If you really want to get detailed you can break out your lifestyle expenses between necessary expenses and discretionary expenses.

The necessary expenses are the ones that must be paid every month for the rest of your life.

Hint: you want a guaranteed lifetime income source for these… seeing as how these expenses will last the rest of your lifetime and all.

Discretionary expenses can be cut back if you don’t have the funds for them. In other words you don’t have to have a guaranteed lifetime income source for these expenses.

FYI: If you feel it is an absolute necessity to give a specific dollar amount in gifts to your kids and grandkids each Christmas, you may as well count that as a necessary expense, even though you don’t necessarily have to give it.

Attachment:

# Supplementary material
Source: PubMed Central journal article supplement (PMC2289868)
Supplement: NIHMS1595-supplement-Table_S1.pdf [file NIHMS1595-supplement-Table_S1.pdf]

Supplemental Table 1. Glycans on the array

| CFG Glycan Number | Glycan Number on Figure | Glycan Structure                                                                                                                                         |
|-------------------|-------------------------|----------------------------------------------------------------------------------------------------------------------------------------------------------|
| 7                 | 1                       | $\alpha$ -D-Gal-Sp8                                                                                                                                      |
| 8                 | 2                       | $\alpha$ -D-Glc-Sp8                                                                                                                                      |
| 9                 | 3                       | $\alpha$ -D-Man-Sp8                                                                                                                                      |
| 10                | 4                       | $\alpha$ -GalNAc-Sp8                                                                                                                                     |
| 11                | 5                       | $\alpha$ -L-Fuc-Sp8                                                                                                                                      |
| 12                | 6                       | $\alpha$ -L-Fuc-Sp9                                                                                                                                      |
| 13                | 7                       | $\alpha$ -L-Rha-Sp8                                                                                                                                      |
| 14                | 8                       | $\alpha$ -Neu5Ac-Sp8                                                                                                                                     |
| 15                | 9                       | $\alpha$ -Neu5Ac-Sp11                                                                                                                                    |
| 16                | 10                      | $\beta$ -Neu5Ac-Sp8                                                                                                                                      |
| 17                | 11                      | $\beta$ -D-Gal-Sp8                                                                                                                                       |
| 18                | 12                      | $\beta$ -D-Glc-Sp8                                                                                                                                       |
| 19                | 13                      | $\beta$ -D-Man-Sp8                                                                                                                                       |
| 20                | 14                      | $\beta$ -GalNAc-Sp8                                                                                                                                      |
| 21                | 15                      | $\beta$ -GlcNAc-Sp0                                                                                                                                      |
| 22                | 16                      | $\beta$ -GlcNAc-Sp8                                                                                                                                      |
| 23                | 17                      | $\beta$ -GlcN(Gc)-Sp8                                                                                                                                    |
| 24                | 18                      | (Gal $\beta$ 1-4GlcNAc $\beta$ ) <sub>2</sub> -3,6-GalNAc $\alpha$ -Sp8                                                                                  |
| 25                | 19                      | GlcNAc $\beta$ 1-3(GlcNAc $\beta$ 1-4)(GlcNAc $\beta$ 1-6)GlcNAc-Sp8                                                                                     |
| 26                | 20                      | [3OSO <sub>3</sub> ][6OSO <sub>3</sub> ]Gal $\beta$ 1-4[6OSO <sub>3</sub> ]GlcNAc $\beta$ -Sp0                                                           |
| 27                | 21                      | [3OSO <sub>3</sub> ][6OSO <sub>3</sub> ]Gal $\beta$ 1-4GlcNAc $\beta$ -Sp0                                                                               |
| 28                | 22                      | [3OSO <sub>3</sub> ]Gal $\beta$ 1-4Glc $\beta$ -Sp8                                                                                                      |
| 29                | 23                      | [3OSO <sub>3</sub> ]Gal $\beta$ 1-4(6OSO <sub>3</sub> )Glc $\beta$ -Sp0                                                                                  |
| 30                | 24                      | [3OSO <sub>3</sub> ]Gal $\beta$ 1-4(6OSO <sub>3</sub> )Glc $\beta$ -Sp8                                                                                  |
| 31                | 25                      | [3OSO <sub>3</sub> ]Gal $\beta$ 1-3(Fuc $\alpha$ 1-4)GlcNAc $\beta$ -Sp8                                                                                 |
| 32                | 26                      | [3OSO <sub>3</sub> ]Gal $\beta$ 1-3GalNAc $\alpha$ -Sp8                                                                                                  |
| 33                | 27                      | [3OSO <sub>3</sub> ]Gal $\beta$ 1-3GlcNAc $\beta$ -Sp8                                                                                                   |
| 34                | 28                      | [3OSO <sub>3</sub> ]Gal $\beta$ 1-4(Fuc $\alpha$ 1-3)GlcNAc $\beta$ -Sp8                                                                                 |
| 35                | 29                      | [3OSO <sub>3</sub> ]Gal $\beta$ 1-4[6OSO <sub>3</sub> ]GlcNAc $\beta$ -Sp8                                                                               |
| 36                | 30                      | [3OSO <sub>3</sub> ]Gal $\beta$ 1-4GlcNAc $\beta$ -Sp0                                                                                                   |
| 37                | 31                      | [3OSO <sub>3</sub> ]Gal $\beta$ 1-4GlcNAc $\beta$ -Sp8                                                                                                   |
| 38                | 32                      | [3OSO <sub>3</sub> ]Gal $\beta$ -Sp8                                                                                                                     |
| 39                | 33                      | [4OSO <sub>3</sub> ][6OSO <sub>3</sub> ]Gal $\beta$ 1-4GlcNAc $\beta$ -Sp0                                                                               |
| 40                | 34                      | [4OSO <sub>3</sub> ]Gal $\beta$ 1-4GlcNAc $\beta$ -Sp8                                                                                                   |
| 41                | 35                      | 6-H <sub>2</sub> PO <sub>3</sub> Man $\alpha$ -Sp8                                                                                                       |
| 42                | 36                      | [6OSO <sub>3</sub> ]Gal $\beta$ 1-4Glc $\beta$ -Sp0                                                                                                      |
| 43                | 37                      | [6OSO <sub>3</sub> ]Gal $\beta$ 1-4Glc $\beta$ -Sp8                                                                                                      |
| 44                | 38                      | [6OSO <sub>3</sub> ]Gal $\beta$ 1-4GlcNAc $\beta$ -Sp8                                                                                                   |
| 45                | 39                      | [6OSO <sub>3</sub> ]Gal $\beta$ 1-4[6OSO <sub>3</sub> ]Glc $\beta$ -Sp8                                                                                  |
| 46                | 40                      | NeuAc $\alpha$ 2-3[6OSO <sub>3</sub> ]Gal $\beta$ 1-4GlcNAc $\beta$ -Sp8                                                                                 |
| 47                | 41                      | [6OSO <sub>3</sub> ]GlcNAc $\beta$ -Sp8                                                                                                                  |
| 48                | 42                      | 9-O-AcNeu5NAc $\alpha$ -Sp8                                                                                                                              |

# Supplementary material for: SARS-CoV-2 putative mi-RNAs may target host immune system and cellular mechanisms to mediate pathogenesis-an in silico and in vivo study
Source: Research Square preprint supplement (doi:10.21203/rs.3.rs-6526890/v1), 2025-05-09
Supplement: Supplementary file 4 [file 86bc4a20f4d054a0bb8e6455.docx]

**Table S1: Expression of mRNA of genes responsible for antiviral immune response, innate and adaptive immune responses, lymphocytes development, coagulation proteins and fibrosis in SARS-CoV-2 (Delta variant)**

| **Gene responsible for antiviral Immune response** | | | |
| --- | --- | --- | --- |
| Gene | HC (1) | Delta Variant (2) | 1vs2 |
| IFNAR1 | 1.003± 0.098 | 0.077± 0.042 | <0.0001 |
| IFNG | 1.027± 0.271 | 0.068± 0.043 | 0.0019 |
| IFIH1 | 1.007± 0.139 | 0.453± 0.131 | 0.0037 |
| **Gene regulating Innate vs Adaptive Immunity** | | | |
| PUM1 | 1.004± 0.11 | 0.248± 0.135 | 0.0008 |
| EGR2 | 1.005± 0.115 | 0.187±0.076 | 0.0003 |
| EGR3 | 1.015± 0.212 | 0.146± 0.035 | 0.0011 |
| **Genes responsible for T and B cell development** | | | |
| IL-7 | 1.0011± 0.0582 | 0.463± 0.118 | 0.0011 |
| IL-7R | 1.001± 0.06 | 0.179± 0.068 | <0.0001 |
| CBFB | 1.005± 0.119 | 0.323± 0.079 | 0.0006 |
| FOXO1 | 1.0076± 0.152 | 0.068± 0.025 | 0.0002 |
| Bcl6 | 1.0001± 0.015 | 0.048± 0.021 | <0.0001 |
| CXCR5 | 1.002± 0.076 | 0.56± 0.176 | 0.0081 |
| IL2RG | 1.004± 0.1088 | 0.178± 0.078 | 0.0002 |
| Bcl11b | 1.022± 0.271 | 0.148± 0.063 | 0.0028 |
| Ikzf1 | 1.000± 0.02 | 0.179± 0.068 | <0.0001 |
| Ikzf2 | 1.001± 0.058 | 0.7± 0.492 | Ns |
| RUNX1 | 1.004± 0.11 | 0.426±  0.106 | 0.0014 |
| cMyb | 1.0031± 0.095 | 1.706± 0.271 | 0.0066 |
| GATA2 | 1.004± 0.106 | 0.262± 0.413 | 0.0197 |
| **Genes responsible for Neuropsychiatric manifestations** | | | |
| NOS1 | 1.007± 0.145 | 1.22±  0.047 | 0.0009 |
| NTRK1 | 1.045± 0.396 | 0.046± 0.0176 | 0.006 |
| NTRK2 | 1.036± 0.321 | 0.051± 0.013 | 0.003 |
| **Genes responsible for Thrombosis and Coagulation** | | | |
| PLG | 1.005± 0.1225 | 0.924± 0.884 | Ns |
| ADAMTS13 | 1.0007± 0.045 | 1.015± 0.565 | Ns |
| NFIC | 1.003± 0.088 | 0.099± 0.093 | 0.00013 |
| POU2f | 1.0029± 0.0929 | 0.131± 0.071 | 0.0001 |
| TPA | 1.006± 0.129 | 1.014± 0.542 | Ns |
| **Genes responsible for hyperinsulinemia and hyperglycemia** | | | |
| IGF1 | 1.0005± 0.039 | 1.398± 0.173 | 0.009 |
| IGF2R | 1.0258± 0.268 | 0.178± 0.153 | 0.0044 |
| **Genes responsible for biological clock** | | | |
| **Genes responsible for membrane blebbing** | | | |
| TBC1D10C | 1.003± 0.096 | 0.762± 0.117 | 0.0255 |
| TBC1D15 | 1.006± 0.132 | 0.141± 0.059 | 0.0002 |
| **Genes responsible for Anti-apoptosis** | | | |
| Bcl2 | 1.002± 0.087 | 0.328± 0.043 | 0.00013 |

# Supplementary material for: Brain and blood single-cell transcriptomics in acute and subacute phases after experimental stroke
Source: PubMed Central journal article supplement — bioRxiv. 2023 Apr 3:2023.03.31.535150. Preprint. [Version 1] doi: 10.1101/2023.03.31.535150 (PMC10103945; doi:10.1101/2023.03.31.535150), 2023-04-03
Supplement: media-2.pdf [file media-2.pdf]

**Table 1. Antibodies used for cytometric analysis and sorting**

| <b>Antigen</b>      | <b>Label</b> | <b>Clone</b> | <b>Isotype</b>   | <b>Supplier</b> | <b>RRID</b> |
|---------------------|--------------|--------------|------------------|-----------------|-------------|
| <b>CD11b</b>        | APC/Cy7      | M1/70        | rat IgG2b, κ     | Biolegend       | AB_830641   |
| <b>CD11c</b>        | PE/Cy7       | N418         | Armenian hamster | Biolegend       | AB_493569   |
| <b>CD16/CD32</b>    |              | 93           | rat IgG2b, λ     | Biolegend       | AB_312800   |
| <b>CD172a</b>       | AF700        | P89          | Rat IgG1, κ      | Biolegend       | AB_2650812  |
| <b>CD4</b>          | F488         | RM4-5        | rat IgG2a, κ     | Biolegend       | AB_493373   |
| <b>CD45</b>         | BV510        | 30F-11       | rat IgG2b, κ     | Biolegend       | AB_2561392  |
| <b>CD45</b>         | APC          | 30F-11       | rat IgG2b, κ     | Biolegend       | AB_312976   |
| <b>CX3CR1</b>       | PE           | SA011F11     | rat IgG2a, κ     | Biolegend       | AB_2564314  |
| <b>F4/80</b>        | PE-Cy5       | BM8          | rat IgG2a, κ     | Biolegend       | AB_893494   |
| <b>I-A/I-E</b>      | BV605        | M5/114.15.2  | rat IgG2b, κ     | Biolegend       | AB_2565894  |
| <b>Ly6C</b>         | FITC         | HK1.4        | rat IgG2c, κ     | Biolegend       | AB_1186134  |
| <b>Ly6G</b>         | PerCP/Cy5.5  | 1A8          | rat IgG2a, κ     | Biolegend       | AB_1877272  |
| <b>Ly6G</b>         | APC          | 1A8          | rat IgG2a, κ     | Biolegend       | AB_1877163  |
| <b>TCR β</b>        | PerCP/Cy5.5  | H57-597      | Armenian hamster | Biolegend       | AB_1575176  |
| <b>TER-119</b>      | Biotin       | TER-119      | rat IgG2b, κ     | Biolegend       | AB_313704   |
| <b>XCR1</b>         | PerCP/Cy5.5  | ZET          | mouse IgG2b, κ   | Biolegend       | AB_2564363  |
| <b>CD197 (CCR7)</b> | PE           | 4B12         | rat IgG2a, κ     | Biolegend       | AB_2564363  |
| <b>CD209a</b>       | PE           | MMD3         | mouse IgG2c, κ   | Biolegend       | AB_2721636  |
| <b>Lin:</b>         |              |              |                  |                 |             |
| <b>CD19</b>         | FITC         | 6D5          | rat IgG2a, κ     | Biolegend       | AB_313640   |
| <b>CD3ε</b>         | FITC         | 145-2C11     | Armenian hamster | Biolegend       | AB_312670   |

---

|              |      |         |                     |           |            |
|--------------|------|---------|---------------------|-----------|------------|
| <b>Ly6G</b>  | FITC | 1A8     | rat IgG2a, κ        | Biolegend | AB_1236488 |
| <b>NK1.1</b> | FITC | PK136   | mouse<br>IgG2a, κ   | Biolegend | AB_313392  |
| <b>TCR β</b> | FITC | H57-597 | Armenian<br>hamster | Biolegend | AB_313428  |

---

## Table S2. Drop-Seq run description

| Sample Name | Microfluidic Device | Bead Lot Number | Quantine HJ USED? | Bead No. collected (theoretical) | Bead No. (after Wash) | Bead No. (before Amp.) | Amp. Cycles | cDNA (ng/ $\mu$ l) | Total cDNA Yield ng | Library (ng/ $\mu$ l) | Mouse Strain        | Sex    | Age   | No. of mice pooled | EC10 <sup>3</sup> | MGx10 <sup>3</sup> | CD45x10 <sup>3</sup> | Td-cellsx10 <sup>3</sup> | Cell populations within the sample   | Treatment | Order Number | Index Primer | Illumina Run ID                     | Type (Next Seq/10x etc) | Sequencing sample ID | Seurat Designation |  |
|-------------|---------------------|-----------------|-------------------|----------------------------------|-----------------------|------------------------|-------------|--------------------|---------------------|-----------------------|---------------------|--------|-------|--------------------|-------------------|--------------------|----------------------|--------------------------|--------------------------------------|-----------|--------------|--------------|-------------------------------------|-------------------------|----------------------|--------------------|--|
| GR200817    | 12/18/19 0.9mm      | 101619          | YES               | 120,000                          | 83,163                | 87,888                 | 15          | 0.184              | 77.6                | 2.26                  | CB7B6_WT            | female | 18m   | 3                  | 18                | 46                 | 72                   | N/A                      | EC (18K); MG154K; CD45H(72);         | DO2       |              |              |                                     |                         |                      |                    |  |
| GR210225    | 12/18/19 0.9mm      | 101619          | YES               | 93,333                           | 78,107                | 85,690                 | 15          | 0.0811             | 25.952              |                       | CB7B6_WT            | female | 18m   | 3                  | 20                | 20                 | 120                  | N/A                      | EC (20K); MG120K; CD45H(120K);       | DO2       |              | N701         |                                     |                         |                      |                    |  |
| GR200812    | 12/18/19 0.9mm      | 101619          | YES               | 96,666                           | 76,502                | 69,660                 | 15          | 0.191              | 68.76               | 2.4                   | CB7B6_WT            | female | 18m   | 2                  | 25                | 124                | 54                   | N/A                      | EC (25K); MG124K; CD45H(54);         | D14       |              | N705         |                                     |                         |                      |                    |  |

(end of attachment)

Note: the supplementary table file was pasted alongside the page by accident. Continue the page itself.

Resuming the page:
The less it costs for you to live the lifestyle you want in retirement, the less you will need to retire on. The more it costs, then the more you will need in order to retire.

It is also essential that you consider inflation in these costs. A good estimate is 3-4% each year in inflationary increases.

It’s All About The Income

After you know the costs of the lifestyle that you want in retirement, you must determine your income sources.

For most people that will include Social Security. You must determine when to draw Social Security. I have discussed that here.

If you are fortunate you may have a pension from a former employer. And you may have other sources of income as well, such as rental income or existing annuities.